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BSE/CJD
 

British beef may now be exported again but the inquiry into BSE/CJD continues. Former ministers have been giving evidence and also the former Chief Medical Officer Sir Donald Acheson. In her evidence, Edwina Currie who was junior health minister ten years ago attacked ministry of agriculture officials for their attitude towards food safety, describing them as 'crass, incompetent, hostile and dangerous'. Sir Donald was confronted with a TV recording in which he had said there was 'no risk' in eating British beef.

He admitted to the inquiry that he should not have said this, as the expert advice he had received suggested there was a remote risk. He said staff cuts since his period as CMO (1983-91) had reduced the independence of his successors and limited their ability to address emergencies.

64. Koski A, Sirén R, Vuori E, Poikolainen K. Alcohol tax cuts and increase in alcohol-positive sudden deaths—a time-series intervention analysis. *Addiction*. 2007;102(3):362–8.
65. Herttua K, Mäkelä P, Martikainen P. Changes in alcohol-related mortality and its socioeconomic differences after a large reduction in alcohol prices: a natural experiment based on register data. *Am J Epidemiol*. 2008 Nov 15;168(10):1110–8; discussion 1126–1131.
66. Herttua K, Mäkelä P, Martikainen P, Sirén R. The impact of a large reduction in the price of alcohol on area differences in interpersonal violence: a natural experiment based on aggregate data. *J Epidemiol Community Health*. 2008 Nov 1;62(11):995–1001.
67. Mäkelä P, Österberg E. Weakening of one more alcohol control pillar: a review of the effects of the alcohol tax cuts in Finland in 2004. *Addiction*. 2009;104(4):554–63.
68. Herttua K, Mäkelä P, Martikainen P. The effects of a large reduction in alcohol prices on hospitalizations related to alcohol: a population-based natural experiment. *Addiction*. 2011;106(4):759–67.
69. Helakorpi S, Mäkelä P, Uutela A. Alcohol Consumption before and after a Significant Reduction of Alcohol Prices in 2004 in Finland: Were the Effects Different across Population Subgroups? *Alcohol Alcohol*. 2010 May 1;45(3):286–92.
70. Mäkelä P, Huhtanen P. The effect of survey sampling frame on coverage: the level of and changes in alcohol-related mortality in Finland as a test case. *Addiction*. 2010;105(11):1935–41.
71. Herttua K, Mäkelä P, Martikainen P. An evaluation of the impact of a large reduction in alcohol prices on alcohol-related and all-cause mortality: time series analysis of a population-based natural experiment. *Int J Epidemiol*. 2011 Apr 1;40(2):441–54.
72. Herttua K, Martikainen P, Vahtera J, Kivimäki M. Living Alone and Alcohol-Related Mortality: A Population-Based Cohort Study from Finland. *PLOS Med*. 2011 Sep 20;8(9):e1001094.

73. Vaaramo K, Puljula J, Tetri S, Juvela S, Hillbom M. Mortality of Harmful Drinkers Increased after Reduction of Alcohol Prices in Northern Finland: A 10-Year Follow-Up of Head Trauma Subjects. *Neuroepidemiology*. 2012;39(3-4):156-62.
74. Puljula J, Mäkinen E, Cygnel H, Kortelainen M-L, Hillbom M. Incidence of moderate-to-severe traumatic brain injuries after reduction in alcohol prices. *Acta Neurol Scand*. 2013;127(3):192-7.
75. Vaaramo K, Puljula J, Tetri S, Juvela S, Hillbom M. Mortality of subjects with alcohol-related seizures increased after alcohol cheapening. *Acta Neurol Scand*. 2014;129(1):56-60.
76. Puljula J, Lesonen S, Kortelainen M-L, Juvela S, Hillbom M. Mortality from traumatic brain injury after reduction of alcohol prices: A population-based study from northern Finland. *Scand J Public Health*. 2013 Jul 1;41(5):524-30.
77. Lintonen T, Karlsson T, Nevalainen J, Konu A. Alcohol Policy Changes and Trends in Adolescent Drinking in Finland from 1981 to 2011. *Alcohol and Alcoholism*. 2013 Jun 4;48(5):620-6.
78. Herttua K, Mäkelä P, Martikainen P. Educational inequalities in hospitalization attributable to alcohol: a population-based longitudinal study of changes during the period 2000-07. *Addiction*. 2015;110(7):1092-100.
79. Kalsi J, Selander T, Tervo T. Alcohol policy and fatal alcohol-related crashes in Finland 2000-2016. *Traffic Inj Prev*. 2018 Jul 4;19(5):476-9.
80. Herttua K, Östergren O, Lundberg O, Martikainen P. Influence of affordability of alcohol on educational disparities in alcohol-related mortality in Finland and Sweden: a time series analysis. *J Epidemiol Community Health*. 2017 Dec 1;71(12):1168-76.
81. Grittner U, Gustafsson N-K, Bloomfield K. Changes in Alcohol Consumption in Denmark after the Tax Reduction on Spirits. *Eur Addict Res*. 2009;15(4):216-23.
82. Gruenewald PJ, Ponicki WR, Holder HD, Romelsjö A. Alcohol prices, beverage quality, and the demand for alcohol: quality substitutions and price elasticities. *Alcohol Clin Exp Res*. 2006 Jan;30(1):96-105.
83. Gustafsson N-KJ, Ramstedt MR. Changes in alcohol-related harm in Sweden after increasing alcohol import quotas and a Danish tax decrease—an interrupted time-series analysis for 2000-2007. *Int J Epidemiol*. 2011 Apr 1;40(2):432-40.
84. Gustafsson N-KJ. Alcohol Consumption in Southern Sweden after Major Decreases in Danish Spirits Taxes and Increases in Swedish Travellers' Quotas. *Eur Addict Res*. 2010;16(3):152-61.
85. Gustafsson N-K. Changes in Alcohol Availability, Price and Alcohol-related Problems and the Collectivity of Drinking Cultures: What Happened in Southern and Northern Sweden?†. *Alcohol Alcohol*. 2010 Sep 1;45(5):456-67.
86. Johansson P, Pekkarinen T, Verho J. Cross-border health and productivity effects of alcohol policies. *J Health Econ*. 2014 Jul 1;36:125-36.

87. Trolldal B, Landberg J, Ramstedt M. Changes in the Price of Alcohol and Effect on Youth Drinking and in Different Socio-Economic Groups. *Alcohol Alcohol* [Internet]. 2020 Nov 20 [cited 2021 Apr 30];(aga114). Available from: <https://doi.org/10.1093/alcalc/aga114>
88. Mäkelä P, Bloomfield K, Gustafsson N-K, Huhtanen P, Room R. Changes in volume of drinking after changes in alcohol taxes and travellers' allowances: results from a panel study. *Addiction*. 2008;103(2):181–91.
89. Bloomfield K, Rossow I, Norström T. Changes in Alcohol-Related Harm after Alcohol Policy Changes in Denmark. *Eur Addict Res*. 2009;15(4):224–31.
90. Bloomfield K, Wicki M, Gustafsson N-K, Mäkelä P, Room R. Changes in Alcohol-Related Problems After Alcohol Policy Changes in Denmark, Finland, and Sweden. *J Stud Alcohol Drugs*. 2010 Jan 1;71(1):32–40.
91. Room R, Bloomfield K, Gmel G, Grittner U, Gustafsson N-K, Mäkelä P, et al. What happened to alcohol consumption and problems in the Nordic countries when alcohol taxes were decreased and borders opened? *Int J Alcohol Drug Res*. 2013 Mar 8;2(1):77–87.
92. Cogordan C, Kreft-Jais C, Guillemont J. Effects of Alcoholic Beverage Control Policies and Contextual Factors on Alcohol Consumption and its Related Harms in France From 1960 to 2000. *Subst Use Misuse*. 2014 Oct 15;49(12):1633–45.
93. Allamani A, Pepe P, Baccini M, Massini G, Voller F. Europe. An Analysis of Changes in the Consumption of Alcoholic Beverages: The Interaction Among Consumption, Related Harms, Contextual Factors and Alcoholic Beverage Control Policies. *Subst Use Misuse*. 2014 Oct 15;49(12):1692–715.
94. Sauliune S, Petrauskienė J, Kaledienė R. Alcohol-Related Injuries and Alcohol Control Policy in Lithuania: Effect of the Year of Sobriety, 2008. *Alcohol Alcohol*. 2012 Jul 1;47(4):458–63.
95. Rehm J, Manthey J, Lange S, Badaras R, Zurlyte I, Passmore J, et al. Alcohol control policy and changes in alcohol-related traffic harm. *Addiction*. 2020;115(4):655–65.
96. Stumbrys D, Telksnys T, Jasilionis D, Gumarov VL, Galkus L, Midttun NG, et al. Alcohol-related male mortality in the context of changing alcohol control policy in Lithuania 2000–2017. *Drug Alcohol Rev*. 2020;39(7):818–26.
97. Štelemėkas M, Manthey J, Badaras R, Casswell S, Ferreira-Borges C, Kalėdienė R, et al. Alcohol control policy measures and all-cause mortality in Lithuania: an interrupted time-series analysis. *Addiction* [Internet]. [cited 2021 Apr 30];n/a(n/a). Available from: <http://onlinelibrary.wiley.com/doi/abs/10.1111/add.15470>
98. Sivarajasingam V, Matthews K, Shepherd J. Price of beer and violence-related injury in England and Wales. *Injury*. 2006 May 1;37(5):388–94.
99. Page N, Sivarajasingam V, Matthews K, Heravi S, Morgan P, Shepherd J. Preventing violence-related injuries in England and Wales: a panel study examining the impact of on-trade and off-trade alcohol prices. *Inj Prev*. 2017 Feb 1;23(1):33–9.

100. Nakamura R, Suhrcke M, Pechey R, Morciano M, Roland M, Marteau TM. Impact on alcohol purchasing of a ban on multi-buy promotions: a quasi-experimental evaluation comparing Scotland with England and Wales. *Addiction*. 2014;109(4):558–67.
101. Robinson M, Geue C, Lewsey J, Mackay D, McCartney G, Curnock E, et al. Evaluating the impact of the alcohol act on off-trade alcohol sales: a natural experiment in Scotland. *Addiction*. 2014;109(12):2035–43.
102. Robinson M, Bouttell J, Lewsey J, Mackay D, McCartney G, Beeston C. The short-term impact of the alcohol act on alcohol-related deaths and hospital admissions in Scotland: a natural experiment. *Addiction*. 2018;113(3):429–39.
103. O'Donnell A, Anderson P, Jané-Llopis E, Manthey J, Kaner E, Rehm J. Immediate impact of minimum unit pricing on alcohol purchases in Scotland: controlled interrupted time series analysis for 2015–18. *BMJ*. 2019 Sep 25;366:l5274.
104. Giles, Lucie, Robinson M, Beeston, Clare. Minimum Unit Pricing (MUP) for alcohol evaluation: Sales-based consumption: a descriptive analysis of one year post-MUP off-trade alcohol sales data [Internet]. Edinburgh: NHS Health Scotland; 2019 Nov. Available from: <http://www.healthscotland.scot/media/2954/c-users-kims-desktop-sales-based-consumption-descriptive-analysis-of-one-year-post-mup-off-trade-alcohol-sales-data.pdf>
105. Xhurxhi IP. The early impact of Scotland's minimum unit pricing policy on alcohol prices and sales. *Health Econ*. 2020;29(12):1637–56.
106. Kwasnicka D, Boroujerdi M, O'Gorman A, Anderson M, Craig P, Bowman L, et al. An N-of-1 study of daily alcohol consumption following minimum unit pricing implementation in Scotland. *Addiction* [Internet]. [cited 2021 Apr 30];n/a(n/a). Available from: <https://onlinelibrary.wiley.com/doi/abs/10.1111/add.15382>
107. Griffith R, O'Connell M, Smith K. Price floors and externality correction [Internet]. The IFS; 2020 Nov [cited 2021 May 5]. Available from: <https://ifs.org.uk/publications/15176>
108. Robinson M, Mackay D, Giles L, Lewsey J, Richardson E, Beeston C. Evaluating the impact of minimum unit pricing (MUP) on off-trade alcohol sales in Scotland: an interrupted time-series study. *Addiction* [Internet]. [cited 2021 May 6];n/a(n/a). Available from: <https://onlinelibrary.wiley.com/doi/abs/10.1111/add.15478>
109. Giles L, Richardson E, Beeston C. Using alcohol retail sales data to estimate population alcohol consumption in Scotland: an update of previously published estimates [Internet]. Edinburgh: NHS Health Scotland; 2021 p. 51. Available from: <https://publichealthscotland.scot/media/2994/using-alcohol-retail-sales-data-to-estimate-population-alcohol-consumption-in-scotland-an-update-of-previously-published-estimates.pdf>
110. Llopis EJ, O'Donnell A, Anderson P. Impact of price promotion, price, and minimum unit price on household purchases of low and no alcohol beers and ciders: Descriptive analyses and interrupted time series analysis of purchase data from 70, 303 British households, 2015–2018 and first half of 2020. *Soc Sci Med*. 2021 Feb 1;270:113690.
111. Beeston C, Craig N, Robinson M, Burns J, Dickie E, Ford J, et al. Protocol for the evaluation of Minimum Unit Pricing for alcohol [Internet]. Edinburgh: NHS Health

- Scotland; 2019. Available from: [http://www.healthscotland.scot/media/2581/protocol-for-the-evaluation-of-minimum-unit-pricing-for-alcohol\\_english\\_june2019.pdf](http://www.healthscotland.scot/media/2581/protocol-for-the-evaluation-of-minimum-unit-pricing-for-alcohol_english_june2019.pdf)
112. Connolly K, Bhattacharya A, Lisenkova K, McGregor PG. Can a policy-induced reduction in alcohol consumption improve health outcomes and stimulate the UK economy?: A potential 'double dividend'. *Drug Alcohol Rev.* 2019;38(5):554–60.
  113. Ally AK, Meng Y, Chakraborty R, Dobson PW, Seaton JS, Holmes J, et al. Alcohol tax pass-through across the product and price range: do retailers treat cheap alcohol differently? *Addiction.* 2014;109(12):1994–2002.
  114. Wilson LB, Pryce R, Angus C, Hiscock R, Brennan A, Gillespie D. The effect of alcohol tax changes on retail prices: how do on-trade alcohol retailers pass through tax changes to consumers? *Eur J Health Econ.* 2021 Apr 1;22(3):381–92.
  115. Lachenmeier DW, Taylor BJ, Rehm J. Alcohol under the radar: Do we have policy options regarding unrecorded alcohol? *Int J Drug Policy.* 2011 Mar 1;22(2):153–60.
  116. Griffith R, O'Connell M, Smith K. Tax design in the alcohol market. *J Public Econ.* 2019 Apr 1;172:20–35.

Meanwhile, the families of five people who died of CJD following treatment they received for growth hormone deficiency have failed again to win compensation from the government. Growth hormone extracted from the pituitary glands of dead humans was used to treat poor growth in some 2000 children between 1959 and 1985, when the practice ended. Two years ago, a judge ruled that compensation was only payable for treatment which took place after 1977, as before that date there was no indication that the procedure carried any risks. The five families hoped, nevertheless, to win compensation on compassionate grounds. Answering a parliamentary question, Health minister Tessa Jowell said government policy remained that compensation was only payable where negligence had been proved.

There is still no effective treatment for CJD but there have been calls for tests to be conducted with the drug Pentostan, which is used for the treatment of cystitis. In animals, it has been shown to reduce the effects of the disease scrapie, caused by a similar agent to that responsible for BSE.

Sources: Times 3rd November, BMJ 14 November, Guardian 19 November


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